Anti-abortion activist Abby Johnson, who will speak on Tuesday during the second night of the Republican National Convention, has advocated in recent months for a head-of-household voting system that has historically barred women and people of color from casting ballots.
“What is the most controversial thing you believe?” Johnson asked on Twitter in early May.
“I would support bringing back household voting,” Johnson replied to her tweet. “How anti-feminist of me.”
Johnson’s prime time RNC remarks come on the eve of the 100th anniversary of the adoption of the 19th Amendment, which extended voting rights to women. (In practice, many women of color were excluded for many years thereafter.)
Before the adoption of the 19th Amendment, and the 15th Amendment, which prohibits denying U.S. citizens the right to vote based on race, the right to vote was largely extended to White men who owned property and, in some cases, met certain religious criteria. Previously, some states had extended voting rights to Black men and White men who did not own property. Several had laws permitting women to cast ballots. One argument made against women’s suffrage was that their male husbands could vote on behalf of the household.
Today, “head of household” is a filing status within the U.S. tax system that provides financial savings to unmarried individuals with children or other dependents. Head-of-household decision making is used in some religious communities, with male spouses and partners nearly universally being the head.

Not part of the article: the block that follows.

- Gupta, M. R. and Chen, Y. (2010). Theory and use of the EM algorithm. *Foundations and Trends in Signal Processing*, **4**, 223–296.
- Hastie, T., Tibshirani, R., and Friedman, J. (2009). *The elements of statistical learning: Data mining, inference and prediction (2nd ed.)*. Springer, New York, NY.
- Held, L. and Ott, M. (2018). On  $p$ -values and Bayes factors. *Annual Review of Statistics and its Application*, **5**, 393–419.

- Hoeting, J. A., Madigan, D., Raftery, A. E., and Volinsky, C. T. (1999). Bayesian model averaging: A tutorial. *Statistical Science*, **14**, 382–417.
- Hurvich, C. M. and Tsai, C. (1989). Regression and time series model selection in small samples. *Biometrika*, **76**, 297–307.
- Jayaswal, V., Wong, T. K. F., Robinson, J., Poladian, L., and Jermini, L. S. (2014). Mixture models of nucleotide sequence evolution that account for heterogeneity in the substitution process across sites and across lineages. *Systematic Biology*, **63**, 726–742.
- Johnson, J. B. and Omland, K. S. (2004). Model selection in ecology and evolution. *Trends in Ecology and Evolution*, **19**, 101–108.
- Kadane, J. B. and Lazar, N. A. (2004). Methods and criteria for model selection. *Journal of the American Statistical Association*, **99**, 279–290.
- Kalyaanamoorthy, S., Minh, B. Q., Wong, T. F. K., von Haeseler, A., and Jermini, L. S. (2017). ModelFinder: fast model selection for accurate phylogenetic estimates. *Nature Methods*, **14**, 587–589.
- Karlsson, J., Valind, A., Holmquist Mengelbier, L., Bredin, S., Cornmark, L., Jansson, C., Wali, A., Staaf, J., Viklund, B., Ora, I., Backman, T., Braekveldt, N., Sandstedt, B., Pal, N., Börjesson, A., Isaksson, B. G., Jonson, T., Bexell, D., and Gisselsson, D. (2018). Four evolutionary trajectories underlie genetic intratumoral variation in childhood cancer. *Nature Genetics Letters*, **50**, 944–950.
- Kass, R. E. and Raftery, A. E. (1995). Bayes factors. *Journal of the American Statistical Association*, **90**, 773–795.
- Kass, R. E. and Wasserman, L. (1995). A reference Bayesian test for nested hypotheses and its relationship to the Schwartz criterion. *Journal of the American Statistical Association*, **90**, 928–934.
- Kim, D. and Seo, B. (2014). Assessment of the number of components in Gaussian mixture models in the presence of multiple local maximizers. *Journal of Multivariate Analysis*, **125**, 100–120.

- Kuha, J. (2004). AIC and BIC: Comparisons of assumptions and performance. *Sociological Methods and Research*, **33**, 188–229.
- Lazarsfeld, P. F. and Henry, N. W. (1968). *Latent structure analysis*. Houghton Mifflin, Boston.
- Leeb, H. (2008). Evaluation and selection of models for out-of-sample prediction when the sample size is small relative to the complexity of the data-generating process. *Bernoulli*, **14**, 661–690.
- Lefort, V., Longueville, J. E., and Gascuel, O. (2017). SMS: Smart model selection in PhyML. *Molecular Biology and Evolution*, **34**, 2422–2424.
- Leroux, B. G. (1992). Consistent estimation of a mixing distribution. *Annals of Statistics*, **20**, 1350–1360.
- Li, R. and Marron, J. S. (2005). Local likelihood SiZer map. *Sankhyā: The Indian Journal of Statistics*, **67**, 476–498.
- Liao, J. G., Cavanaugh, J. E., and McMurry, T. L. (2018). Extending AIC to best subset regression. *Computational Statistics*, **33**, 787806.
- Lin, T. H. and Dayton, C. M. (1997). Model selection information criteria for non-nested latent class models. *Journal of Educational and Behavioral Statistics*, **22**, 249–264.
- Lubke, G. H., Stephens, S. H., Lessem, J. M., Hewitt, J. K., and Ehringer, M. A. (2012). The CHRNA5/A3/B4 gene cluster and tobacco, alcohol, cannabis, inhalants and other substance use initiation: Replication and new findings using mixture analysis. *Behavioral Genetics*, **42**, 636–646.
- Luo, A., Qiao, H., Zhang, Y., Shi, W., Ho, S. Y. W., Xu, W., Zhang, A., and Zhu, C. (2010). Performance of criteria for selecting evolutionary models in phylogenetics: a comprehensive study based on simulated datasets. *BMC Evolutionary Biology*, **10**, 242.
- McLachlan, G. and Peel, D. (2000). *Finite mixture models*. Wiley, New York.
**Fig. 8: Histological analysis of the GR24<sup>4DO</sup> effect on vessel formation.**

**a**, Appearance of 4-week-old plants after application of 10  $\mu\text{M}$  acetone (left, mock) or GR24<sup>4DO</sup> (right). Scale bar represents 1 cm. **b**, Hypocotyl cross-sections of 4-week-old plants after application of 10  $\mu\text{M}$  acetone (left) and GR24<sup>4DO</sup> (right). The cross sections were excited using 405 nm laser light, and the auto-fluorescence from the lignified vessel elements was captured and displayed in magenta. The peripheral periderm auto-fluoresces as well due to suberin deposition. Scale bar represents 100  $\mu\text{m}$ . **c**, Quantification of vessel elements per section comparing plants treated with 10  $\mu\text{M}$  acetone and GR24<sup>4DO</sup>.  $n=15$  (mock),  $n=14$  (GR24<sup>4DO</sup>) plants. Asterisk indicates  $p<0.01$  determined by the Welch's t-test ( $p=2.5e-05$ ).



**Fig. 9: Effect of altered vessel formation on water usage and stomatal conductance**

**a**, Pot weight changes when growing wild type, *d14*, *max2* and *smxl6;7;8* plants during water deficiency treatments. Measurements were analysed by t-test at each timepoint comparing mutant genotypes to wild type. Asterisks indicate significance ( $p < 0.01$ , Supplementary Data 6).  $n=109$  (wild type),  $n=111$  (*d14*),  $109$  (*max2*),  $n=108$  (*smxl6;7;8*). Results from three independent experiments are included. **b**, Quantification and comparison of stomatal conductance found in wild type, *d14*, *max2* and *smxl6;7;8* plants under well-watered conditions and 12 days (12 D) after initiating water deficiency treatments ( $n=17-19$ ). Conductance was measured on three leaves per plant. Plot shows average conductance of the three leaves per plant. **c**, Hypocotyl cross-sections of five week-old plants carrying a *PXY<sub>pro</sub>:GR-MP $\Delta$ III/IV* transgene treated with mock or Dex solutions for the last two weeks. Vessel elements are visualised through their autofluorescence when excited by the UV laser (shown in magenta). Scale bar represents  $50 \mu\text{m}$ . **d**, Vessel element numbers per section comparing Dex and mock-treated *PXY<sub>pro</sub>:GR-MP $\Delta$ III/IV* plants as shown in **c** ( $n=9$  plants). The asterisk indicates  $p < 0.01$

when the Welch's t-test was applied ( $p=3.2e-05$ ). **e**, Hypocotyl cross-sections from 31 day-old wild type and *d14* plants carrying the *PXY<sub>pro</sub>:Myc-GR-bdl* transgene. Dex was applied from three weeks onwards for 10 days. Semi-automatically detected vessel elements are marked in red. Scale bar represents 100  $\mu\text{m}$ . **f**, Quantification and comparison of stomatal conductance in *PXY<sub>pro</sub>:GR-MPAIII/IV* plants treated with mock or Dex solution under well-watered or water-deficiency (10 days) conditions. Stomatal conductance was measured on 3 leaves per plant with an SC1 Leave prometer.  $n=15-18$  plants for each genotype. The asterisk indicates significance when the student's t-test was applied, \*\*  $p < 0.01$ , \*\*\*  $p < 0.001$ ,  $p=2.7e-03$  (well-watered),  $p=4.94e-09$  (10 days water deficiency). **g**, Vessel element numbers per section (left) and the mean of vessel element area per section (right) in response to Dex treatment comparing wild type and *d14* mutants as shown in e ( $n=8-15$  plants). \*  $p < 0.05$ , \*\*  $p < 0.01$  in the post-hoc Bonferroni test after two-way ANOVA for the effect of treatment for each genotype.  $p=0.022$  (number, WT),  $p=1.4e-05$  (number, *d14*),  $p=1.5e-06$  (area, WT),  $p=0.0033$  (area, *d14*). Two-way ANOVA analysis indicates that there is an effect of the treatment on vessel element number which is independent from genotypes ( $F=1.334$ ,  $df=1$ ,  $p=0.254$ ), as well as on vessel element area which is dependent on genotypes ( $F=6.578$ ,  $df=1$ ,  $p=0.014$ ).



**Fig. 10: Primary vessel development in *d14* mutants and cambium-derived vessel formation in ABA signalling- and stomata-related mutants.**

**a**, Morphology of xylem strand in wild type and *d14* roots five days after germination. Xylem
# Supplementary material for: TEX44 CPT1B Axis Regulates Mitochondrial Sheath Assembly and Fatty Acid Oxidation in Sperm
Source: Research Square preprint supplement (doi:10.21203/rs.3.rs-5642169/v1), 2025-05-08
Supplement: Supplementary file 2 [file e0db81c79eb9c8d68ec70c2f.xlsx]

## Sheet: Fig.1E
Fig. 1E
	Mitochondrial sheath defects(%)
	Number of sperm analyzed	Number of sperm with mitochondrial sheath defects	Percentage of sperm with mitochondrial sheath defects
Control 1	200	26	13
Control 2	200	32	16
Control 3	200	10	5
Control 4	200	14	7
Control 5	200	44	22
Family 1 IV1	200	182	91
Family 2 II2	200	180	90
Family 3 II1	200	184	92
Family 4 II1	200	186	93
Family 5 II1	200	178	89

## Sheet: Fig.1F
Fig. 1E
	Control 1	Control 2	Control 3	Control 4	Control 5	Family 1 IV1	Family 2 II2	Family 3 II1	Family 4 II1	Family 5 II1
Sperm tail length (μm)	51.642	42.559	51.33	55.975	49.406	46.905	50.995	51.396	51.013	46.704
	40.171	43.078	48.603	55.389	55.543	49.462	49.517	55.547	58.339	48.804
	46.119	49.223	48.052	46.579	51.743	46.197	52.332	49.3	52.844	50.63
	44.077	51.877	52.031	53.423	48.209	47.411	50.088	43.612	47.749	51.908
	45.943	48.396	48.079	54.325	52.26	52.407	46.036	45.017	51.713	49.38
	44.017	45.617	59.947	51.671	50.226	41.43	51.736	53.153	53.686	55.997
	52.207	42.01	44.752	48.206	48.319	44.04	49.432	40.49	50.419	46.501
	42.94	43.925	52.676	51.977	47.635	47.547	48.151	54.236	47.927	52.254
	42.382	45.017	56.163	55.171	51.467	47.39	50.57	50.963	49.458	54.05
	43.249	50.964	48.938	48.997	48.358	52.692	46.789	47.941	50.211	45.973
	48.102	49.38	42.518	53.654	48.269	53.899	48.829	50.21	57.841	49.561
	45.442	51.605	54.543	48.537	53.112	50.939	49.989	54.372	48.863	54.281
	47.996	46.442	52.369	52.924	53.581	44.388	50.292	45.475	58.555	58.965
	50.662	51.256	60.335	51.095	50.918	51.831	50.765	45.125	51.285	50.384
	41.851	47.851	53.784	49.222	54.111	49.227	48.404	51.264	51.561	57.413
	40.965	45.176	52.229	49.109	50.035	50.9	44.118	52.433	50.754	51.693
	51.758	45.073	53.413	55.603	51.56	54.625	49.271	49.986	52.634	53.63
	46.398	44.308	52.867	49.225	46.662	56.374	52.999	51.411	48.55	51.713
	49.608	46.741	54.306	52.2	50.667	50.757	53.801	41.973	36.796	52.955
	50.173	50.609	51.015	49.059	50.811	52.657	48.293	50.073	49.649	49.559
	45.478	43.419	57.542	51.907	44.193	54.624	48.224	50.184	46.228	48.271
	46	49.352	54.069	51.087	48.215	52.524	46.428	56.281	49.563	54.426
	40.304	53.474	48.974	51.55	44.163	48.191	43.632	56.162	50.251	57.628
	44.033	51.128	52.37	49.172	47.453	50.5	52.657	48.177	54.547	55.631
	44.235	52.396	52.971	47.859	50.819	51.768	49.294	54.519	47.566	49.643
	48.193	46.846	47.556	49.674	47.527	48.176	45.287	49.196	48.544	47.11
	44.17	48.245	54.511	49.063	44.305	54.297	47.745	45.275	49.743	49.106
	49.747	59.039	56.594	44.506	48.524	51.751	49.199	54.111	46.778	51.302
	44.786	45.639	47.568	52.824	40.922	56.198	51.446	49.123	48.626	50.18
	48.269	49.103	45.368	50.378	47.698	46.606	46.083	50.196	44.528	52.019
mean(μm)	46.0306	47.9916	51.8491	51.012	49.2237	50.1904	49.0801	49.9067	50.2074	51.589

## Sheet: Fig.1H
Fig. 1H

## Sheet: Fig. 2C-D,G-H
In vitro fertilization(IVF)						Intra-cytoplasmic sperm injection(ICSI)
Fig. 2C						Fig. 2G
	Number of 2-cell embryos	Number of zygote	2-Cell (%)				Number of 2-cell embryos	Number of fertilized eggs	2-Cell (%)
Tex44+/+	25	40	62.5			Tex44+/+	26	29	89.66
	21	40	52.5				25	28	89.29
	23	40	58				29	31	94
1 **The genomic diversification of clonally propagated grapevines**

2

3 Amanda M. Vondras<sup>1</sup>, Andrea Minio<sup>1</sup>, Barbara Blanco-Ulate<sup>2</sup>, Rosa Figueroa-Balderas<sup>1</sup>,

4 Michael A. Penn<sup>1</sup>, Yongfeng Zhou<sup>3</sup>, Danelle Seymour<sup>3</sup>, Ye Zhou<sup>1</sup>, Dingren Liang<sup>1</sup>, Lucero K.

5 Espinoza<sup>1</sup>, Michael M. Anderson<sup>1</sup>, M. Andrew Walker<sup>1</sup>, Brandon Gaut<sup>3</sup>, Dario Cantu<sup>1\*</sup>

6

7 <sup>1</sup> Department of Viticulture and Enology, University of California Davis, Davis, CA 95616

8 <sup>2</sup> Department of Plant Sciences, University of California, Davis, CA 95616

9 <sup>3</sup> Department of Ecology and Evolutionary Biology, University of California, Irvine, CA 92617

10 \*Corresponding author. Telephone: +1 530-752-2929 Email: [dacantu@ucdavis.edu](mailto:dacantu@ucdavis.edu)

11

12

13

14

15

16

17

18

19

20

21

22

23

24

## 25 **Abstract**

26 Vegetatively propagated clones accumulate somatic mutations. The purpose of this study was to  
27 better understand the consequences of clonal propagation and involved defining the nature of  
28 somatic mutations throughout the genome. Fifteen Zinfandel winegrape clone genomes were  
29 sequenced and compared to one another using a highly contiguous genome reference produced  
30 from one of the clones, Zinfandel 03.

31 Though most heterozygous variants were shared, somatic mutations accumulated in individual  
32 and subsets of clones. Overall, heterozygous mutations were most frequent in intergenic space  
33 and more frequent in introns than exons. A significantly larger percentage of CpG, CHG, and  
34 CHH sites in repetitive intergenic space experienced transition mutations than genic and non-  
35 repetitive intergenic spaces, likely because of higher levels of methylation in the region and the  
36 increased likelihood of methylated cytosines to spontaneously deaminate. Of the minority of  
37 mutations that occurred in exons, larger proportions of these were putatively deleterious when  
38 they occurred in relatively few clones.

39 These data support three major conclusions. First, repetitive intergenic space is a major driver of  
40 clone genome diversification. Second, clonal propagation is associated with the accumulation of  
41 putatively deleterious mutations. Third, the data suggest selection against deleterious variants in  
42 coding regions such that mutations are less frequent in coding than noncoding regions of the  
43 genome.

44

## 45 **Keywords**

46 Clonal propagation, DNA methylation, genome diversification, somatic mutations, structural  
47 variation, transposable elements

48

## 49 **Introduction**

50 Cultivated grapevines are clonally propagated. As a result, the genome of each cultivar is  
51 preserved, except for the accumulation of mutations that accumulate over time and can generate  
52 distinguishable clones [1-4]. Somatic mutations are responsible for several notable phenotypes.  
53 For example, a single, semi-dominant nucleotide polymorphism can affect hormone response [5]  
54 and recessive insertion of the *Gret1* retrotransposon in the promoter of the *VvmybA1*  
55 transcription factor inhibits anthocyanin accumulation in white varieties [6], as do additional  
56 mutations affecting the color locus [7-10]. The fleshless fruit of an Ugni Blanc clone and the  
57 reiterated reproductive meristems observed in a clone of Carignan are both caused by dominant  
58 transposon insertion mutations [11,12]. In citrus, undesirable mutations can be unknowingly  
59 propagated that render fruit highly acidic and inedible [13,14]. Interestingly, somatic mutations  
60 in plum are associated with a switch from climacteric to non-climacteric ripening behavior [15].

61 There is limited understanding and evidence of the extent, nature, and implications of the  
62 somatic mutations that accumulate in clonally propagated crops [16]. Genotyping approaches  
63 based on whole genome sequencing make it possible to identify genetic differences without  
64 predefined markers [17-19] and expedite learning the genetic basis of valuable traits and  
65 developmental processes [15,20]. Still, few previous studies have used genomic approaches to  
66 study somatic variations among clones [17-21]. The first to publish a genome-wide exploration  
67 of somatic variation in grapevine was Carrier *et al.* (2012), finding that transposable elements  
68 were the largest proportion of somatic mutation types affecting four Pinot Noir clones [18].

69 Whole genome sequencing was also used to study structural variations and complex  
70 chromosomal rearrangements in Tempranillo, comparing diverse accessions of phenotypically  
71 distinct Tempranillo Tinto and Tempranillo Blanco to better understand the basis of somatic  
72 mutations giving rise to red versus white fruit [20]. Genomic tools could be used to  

Head-of-household voting would permit only the head of a household — and not all household members who are citizens over 18 years of age — to cast a ballot. Johnson believes the male member of the household would be the de facto decision maker.
“But what happens when the husband is a Republican and the wife is a Democrat or vice versa?” a Twitter user asked Johnson.
“Then they would have to decide on one vote. In a Godly household, the husband would get the final say,” she replied.
Johnson’s convention speaking role comes as the presidential campaigns of Trump and Democrat Joe Biden vie for support from women, particularly White suburban women and women without college degrees, who are the most likely to be reconsidering backing the president in November after doing so in 2016.
Kyle Morse, the spokesperson for American Bridge 21st Century, a super PAC that supports Democrats, said Johnson’s speaking slot “further underscores just how extreme Donald Trump’s GOP has become.”
In a statement to The 19th, Trump campaign spokesperson Tim Murtaugh said, “President Trump strongly supports the sacred principle of one person, one vote.”
Johnson worked at Planned Parenthood for eight years before leaving to become an anti-abortion activist and found And Then There Were None, an organization that supports the career transitions of individuals working in facilities that perform abortions. Her story was chronicled in a 2019 film.
Similar statements about head-of-household voting have landed other Republicans in hot water. In 2018, a Republican county precinct chair in Utah wrote on Facebook: “The more I study history the more I think giving voting rights to others not head of household has been a grave mistake!” The state party chair denounced the remark, saying: “The Constitution, while divinely inspired, has been improved via amendments that made voter equality a right of America’s citizenry.”
This article has been updated with a statement from the Trump campaign.